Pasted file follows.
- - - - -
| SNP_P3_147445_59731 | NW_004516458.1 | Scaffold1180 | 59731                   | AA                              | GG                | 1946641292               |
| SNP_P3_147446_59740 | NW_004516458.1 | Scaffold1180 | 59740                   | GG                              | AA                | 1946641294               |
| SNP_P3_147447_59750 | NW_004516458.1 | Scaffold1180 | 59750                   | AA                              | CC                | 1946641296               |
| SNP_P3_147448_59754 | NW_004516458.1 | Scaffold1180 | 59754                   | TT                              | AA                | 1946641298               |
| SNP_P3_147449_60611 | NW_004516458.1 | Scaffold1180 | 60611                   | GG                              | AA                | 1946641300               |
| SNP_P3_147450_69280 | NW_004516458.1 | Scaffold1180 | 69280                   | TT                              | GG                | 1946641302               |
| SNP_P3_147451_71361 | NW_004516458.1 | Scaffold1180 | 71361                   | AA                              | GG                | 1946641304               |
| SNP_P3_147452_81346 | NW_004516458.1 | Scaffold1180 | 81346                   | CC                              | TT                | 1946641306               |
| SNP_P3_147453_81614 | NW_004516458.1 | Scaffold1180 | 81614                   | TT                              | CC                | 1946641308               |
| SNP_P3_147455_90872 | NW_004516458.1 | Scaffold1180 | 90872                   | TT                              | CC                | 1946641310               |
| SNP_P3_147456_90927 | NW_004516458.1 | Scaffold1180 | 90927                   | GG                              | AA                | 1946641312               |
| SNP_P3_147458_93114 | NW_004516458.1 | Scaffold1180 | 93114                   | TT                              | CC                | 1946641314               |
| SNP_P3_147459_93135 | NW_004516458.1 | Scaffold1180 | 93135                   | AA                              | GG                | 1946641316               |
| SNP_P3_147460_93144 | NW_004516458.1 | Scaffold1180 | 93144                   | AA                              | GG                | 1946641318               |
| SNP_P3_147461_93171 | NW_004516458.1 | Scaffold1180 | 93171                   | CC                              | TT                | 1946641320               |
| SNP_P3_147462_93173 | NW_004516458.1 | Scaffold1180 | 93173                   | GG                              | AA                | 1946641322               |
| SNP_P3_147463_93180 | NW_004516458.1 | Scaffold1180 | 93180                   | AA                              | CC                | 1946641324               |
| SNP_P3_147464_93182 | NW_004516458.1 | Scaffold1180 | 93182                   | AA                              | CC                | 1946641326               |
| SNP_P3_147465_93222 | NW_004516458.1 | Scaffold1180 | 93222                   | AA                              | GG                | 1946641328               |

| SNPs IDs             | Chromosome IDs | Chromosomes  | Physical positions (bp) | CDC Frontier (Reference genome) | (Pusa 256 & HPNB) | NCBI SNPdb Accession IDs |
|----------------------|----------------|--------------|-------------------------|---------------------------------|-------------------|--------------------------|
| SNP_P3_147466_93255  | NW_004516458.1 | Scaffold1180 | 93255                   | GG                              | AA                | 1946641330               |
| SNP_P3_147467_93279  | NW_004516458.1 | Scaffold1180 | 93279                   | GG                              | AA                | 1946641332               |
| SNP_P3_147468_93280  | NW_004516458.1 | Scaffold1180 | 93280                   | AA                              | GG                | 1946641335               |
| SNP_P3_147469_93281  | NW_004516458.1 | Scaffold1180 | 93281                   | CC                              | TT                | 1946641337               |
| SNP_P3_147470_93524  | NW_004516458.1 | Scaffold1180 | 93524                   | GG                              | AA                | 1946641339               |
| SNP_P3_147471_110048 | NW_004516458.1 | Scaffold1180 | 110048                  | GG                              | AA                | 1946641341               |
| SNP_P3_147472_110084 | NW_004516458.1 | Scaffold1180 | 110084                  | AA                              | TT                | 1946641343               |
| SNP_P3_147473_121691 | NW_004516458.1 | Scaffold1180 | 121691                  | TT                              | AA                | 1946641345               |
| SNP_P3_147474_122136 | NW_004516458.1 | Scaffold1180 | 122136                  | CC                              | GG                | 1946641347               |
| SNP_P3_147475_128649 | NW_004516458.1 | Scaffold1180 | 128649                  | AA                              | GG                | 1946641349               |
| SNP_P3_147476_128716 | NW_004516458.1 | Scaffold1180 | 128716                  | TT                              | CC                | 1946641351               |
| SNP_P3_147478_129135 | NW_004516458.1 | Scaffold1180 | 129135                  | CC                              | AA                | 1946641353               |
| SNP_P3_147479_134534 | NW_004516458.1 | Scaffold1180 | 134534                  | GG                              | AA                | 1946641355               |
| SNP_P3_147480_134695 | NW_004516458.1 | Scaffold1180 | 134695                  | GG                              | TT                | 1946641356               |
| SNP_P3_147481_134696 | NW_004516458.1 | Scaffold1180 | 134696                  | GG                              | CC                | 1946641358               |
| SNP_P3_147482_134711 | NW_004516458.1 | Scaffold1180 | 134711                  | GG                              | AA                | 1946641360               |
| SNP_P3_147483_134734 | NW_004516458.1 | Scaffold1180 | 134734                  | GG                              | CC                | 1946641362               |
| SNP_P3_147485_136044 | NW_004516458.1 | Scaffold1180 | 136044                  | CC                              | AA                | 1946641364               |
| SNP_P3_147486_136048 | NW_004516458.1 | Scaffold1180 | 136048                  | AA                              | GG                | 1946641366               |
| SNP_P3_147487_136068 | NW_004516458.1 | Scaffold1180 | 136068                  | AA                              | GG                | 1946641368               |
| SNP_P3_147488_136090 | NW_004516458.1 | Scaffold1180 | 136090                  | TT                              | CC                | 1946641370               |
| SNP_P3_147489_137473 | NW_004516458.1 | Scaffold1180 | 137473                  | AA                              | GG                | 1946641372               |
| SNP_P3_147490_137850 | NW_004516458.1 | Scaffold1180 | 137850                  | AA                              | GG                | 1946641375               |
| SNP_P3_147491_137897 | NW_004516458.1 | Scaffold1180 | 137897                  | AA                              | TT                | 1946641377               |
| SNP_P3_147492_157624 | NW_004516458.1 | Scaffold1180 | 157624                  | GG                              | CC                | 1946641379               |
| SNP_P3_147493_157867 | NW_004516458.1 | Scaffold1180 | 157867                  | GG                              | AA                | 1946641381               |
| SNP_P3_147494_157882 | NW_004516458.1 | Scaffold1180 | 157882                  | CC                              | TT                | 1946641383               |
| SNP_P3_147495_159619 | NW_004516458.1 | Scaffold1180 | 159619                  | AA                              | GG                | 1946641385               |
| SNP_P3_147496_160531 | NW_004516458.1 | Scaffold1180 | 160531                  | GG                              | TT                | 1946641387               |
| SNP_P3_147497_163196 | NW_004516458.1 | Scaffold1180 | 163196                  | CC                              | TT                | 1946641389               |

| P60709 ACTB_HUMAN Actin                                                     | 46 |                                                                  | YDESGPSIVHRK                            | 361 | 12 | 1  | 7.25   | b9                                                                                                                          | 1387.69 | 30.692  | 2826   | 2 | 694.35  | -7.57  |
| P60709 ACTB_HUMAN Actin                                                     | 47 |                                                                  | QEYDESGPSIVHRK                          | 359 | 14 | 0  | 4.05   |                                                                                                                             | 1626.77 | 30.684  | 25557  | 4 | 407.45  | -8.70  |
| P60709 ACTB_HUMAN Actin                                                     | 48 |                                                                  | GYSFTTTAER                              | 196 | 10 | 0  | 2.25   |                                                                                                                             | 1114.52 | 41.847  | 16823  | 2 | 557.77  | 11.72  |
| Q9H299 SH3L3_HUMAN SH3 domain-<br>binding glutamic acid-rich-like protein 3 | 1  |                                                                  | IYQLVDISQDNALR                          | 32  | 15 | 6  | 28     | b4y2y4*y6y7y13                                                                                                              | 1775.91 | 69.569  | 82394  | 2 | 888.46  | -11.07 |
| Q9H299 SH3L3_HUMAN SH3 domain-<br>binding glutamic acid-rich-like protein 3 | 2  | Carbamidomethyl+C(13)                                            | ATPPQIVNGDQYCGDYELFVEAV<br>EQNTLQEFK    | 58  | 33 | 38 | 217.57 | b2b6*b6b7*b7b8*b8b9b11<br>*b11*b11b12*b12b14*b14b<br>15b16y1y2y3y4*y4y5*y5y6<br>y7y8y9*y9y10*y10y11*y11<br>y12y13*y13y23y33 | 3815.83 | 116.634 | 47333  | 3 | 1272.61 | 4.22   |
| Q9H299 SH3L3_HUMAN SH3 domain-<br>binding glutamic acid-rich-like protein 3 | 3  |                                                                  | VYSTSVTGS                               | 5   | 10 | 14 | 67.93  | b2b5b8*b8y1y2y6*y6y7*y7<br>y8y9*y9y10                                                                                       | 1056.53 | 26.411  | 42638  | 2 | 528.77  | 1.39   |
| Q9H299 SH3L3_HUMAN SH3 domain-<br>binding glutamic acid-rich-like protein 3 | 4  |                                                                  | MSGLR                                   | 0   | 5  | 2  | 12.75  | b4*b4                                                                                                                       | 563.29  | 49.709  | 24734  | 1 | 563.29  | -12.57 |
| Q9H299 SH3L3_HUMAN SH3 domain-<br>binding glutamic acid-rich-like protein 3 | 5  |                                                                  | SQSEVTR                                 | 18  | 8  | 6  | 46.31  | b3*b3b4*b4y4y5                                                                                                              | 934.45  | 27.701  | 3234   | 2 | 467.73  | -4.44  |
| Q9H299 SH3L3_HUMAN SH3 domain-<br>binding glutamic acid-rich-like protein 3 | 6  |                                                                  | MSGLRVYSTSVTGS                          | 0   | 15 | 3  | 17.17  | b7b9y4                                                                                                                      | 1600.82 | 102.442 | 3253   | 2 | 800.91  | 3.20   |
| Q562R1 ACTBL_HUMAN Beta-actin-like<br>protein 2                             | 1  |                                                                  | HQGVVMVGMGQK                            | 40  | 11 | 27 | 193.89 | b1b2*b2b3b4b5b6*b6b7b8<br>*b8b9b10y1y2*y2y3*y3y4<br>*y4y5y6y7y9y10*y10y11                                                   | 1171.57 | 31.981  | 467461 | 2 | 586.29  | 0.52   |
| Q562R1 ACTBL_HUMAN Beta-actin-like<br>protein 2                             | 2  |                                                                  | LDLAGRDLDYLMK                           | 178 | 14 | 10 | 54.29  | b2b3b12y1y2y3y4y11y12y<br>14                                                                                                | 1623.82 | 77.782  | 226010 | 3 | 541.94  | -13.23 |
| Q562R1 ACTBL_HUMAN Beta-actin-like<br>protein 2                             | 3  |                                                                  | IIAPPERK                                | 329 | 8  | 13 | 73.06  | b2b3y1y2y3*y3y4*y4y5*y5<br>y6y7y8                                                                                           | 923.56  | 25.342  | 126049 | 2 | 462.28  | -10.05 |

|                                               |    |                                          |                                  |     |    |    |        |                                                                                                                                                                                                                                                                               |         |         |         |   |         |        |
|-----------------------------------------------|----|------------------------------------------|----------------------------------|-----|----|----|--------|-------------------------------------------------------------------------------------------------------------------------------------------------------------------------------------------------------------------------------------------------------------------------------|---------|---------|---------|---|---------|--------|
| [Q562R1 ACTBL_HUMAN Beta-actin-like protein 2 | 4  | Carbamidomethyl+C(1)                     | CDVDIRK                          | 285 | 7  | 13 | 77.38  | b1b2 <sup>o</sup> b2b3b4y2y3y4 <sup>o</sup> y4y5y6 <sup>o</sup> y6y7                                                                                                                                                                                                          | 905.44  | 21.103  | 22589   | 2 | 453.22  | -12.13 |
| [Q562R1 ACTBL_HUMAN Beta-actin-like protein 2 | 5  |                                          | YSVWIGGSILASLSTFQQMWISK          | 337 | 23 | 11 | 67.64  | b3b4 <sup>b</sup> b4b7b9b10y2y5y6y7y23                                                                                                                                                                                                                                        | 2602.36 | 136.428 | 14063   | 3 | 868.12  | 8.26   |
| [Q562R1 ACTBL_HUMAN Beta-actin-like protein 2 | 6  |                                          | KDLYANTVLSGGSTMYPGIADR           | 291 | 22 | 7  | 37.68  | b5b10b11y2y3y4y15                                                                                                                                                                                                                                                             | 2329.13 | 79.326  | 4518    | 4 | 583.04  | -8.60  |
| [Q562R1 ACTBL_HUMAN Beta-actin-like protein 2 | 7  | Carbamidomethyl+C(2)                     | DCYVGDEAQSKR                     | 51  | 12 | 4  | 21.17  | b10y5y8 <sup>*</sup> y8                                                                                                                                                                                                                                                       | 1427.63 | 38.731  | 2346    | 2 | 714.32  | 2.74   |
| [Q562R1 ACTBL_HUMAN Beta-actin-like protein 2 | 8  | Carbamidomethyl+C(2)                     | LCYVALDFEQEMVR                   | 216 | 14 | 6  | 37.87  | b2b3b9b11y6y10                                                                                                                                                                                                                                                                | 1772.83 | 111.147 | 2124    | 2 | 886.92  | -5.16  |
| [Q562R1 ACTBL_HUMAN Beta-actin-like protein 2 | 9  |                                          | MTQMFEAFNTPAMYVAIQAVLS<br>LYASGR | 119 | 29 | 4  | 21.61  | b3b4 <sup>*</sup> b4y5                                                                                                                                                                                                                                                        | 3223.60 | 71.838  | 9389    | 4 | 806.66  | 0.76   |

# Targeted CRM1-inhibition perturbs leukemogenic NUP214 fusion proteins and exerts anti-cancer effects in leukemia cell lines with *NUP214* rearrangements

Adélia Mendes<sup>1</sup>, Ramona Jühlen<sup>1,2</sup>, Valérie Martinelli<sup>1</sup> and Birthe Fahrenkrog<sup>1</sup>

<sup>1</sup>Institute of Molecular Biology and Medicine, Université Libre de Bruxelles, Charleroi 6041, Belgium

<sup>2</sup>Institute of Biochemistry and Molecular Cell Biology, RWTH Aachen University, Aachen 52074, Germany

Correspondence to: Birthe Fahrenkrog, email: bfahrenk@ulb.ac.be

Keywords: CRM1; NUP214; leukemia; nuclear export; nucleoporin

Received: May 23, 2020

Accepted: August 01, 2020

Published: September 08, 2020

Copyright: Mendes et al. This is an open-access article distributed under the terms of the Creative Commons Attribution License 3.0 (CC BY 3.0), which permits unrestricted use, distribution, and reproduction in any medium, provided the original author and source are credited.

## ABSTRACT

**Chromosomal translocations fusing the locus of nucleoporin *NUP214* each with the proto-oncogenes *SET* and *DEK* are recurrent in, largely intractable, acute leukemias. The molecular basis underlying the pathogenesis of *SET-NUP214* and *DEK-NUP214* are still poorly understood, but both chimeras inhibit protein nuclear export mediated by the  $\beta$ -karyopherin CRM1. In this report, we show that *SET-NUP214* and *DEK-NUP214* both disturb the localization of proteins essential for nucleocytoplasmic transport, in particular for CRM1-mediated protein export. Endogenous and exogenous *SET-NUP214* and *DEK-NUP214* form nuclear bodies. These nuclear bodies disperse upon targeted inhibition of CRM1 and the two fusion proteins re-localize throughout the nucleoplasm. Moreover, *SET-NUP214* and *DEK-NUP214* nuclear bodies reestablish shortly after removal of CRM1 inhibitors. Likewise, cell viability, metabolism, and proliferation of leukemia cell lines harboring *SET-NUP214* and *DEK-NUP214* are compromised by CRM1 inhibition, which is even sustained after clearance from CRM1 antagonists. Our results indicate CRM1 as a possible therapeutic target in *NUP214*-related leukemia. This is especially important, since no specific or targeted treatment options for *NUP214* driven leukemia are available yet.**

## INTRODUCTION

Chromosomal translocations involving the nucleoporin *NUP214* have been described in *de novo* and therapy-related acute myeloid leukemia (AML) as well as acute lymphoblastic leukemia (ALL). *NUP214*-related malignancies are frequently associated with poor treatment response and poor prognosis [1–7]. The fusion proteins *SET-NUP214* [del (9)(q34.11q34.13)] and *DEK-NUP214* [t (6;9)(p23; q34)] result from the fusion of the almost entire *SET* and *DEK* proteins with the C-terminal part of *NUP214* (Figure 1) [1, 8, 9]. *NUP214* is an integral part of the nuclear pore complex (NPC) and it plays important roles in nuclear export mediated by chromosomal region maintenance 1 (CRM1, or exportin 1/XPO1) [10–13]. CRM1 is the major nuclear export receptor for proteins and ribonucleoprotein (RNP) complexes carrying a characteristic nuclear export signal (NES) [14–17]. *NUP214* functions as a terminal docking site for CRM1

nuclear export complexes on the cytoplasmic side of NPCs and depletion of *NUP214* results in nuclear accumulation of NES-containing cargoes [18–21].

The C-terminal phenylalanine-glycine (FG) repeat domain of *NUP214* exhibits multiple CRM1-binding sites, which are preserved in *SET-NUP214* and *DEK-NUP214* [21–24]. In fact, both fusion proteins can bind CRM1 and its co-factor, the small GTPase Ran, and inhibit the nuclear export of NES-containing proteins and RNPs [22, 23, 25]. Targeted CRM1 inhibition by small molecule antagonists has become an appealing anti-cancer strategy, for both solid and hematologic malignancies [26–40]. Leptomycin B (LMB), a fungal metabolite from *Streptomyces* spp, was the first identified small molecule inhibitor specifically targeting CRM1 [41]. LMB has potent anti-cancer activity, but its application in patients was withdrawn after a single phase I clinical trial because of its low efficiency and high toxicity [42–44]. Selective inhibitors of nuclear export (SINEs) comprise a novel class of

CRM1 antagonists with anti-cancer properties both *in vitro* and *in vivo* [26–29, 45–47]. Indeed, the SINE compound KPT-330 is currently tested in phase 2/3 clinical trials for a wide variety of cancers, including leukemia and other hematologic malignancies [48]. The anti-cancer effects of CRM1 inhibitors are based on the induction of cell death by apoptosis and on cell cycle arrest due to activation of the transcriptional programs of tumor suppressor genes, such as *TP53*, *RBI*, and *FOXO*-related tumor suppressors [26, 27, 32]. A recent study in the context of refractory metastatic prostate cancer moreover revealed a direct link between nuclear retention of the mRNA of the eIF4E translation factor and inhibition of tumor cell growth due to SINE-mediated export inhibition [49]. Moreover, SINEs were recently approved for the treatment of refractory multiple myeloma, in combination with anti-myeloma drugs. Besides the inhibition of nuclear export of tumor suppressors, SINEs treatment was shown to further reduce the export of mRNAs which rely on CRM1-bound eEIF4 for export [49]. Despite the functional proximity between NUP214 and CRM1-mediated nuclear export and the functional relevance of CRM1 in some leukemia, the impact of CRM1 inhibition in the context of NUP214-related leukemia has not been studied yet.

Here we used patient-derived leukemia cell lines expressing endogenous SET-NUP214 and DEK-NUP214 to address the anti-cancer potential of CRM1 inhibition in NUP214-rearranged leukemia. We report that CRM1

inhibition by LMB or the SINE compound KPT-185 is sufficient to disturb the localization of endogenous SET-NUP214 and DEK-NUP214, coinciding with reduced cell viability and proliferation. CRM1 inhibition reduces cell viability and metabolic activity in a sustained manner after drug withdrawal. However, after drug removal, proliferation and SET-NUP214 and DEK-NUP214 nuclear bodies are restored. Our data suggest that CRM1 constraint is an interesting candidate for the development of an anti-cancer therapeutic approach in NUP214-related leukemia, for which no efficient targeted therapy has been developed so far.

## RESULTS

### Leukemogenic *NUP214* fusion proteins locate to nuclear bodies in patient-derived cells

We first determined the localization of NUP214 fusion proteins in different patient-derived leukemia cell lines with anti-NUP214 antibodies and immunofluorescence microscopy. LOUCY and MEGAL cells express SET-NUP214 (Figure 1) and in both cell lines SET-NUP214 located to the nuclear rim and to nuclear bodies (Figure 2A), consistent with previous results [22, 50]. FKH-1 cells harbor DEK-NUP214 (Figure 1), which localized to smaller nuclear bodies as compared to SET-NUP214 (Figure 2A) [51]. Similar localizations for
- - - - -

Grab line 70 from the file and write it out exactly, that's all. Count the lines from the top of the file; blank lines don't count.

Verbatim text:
| [Q562R1 ACTBL_HUMAN Beta-actin-like protein 2 | 8  | Carbamidomethyl+C(2)                     | LCYVALDFEQEMVR                   | 216 | 14 | 6  | 37.87  | b2b3b9b11y6y10                                                                                                                                                                                                                                                                | 1772.83 | 111.147 | 2124    | 2 | 886.92  | -5.16  |